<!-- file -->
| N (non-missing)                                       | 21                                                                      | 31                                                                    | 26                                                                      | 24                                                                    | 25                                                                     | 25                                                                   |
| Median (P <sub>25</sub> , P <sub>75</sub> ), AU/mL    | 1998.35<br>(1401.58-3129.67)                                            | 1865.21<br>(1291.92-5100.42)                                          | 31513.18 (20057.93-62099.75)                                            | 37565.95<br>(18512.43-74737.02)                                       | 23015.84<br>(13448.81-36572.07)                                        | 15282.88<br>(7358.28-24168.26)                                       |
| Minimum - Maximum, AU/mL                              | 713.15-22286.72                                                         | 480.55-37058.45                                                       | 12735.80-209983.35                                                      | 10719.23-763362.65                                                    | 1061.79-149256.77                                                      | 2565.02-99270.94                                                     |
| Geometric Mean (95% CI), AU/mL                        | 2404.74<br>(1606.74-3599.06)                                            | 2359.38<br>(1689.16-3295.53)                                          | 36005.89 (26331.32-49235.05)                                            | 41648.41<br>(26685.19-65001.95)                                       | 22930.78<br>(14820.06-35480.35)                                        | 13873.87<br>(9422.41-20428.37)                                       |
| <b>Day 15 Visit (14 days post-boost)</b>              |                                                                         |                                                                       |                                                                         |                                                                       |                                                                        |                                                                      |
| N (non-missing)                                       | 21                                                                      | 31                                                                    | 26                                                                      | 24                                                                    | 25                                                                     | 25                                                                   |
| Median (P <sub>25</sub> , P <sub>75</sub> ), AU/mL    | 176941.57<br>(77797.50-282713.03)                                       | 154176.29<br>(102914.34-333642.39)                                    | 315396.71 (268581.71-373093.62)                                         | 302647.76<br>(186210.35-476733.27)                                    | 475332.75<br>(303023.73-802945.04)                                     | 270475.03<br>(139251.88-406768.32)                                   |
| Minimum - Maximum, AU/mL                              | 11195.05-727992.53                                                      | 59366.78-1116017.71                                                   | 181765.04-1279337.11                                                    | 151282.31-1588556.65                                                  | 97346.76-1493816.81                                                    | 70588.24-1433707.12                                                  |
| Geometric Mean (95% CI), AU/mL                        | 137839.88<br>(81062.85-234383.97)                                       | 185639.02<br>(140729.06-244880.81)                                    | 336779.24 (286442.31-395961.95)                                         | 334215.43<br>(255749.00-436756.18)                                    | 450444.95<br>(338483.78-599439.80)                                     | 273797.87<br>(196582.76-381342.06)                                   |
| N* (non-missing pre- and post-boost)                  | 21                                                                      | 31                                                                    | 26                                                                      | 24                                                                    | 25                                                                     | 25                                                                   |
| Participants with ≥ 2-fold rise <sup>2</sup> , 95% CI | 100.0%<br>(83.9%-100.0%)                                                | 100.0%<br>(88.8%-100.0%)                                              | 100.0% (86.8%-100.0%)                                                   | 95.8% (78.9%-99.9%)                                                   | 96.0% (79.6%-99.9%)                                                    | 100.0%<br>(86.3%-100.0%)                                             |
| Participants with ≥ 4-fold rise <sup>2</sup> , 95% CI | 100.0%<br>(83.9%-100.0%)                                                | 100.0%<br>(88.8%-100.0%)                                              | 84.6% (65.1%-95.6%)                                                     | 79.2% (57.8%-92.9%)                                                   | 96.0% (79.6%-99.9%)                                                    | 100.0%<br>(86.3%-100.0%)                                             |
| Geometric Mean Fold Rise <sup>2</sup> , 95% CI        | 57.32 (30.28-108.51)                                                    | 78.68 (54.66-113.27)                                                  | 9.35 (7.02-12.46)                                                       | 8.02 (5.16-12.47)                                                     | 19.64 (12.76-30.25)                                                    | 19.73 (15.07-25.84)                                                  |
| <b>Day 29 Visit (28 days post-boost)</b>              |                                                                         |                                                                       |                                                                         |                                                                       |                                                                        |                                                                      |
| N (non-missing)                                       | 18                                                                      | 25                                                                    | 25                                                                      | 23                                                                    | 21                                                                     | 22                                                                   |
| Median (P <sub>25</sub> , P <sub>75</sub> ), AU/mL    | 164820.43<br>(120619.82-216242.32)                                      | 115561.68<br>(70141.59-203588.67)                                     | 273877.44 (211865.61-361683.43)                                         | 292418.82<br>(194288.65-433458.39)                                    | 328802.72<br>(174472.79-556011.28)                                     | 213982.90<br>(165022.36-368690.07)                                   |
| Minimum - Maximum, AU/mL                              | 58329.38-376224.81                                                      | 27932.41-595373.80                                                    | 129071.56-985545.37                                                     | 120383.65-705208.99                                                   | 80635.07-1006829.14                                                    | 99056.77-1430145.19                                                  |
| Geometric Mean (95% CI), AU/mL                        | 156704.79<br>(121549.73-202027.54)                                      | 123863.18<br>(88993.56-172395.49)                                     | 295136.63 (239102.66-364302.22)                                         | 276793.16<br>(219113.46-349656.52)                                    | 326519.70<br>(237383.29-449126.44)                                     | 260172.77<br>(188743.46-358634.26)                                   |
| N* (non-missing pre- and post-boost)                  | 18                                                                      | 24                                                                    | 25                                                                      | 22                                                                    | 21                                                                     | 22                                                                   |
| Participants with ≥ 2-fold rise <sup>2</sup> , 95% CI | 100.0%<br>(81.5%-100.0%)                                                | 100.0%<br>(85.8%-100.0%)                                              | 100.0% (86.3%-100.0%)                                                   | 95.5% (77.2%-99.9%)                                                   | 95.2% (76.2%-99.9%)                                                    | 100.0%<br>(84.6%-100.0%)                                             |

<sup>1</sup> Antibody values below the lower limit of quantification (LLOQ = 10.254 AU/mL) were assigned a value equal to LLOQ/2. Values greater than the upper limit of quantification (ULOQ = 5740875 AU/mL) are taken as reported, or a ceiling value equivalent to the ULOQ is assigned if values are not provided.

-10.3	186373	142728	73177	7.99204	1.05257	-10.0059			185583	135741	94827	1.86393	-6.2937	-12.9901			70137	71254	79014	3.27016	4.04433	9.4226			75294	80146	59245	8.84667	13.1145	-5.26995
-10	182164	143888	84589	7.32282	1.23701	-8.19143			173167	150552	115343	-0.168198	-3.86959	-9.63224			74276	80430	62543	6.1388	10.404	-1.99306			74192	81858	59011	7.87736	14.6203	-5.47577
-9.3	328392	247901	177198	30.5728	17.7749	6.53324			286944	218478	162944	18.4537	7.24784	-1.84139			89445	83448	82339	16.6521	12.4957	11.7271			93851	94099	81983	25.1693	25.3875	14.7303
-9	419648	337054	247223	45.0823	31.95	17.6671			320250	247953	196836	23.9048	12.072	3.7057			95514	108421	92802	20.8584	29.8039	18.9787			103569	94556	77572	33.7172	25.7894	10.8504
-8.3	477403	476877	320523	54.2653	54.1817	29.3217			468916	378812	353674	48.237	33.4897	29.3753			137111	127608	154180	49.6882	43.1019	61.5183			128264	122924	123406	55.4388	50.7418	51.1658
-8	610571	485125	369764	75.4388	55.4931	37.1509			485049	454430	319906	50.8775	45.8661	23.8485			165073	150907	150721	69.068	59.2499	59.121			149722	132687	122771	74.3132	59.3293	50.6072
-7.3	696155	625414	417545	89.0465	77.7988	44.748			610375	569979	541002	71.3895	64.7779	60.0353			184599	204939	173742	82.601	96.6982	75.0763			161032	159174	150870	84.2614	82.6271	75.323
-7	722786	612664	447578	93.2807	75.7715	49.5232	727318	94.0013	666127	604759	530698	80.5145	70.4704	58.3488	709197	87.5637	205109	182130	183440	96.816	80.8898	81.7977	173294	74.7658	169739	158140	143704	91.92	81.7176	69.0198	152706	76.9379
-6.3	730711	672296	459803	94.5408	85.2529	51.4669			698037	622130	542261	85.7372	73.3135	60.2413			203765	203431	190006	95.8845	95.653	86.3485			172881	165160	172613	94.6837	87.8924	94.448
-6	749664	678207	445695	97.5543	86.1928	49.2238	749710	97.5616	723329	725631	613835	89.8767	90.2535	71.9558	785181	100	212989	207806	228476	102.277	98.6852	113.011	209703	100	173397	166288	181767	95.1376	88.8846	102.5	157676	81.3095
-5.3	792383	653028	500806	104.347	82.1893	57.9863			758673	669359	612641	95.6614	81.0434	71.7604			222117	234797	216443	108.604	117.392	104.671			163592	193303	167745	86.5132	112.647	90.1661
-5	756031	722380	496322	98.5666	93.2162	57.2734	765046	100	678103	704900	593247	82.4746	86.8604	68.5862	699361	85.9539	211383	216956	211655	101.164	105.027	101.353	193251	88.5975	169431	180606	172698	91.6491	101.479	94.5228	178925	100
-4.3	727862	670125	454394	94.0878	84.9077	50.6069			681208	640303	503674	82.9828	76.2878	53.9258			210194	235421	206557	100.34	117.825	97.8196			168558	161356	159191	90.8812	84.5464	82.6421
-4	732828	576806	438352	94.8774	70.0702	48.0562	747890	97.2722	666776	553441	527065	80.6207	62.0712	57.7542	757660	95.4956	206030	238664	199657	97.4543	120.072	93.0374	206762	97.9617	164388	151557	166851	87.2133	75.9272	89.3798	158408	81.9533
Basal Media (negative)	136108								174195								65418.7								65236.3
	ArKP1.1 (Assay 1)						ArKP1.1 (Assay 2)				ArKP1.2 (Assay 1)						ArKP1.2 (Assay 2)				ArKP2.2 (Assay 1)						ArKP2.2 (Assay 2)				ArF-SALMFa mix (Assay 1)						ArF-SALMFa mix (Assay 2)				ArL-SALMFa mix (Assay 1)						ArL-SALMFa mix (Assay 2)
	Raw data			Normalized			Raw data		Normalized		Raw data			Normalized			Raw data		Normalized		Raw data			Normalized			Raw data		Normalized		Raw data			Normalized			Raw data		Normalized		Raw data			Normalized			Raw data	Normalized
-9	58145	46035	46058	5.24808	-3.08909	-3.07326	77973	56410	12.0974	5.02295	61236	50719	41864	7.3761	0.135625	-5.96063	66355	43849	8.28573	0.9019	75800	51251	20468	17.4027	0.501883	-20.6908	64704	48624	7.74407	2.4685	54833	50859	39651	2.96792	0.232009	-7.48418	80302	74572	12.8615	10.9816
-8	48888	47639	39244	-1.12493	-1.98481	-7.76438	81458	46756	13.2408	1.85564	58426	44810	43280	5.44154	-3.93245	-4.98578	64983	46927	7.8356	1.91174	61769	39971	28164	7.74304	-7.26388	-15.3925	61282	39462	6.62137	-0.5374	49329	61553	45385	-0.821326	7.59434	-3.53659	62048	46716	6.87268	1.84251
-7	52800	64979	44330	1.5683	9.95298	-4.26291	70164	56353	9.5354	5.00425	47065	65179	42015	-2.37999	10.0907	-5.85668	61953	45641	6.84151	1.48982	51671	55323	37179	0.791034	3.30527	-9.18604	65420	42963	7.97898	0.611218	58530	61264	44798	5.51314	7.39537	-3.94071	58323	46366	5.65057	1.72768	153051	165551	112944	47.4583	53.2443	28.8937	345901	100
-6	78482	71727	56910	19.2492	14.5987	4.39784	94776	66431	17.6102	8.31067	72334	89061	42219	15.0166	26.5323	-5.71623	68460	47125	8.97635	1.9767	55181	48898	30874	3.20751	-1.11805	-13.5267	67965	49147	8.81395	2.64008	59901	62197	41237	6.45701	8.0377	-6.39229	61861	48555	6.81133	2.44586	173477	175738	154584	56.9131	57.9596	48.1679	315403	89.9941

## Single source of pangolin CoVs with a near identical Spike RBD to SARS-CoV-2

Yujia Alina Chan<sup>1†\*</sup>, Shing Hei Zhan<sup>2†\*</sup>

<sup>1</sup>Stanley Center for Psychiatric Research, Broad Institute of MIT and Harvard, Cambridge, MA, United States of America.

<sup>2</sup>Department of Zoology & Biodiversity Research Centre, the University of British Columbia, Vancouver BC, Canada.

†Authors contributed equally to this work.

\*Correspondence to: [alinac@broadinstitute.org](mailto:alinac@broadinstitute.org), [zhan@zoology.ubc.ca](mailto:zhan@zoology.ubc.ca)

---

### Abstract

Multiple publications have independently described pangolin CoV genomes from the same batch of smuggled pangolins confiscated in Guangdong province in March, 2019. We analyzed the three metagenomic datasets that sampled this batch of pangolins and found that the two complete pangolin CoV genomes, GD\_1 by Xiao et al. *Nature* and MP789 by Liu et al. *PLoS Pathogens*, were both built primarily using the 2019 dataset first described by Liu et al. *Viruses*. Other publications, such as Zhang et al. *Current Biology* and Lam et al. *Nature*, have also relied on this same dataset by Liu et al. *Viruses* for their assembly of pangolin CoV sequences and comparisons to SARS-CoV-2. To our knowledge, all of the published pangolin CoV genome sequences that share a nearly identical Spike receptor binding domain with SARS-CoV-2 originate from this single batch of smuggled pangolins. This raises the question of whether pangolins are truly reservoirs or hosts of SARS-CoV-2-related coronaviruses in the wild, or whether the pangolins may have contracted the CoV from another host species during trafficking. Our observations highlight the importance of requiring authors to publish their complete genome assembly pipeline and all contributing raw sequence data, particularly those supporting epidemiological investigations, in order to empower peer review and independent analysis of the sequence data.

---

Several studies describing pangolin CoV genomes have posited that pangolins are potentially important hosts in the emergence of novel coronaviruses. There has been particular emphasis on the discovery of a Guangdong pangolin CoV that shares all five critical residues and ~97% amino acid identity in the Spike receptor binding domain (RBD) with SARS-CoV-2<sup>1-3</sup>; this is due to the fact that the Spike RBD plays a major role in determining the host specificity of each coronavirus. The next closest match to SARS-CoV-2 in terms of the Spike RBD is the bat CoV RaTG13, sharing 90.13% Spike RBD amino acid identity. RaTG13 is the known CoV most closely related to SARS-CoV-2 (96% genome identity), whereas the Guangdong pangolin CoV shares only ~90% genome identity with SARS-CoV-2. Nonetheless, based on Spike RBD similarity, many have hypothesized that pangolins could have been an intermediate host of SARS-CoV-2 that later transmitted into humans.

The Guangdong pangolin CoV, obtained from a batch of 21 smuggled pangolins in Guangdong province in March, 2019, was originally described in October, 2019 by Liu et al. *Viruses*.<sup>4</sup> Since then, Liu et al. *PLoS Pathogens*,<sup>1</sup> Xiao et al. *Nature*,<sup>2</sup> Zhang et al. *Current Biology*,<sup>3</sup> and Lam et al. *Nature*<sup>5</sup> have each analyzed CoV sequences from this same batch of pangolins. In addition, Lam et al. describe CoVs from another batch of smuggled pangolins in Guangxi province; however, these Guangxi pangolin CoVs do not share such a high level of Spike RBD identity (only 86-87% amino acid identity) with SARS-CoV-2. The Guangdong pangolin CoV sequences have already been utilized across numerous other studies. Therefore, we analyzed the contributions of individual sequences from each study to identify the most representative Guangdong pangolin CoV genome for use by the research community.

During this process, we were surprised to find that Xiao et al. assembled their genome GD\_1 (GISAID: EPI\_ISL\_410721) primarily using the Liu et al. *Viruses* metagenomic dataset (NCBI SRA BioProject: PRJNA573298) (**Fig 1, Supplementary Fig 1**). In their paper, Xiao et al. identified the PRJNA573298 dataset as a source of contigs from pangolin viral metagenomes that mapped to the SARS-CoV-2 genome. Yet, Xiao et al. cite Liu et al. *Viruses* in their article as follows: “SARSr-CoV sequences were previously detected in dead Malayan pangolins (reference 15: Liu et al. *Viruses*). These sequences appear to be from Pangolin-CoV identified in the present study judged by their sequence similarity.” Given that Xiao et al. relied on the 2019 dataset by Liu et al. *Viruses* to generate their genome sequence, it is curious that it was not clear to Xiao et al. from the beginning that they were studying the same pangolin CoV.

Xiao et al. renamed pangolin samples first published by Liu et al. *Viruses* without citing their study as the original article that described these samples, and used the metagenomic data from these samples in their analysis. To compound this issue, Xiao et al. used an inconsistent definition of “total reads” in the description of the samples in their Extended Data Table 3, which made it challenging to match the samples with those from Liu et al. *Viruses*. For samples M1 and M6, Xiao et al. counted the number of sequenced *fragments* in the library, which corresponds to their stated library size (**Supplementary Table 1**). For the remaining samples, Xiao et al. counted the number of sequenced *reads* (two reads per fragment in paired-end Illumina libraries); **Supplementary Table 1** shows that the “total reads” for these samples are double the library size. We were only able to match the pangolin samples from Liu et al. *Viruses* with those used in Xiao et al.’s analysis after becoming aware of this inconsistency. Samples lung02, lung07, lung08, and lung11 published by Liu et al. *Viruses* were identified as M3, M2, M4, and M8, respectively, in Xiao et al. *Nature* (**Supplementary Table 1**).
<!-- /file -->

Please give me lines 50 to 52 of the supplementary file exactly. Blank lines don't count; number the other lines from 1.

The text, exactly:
### Abstract

Multiple publications have independently described pangolin CoV genomes from the same batch of smuggled pangolins confiscated in Guangdong province in March, 2019. We analyzed the three metagenomic datasets that sampled this batch of pangolins and found that the two complete pangolin CoV genomes, GD\_1 by Xiao et al. *Nature* and MP789 by Liu et al. *PLoS Pathogens*, were both built primarily using the 2019 dataset first described by Liu et al. *Viruses*. Other publications, such as Zhang et al. *Current Biology* and Lam et al. *Nature*, have also relied on this same dataset by Liu et al. *Viruses* for their assembly of pangolin CoV sequences and comparisons to SARS-CoV-2. To our knowledge, all of the published pangolin CoV genome sequences that share a nearly identical Spike receptor binding domain with SARS-CoV-2 originate from this single batch of smuggled pangolins. This raises the question of whether pangolins are truly reservoirs or hosts of SARS-CoV-2-related coronaviruses in the wild, or whether the pangolins may have contracted the CoV from another host species during trafficking. Our observations highlight the importance of requiring authors to publish their complete genome assembly pipeline and all contributing raw sequence data, particularly those supporting epidemiological investigations, in order to empower peer review and independent analysis of the sequence data.

---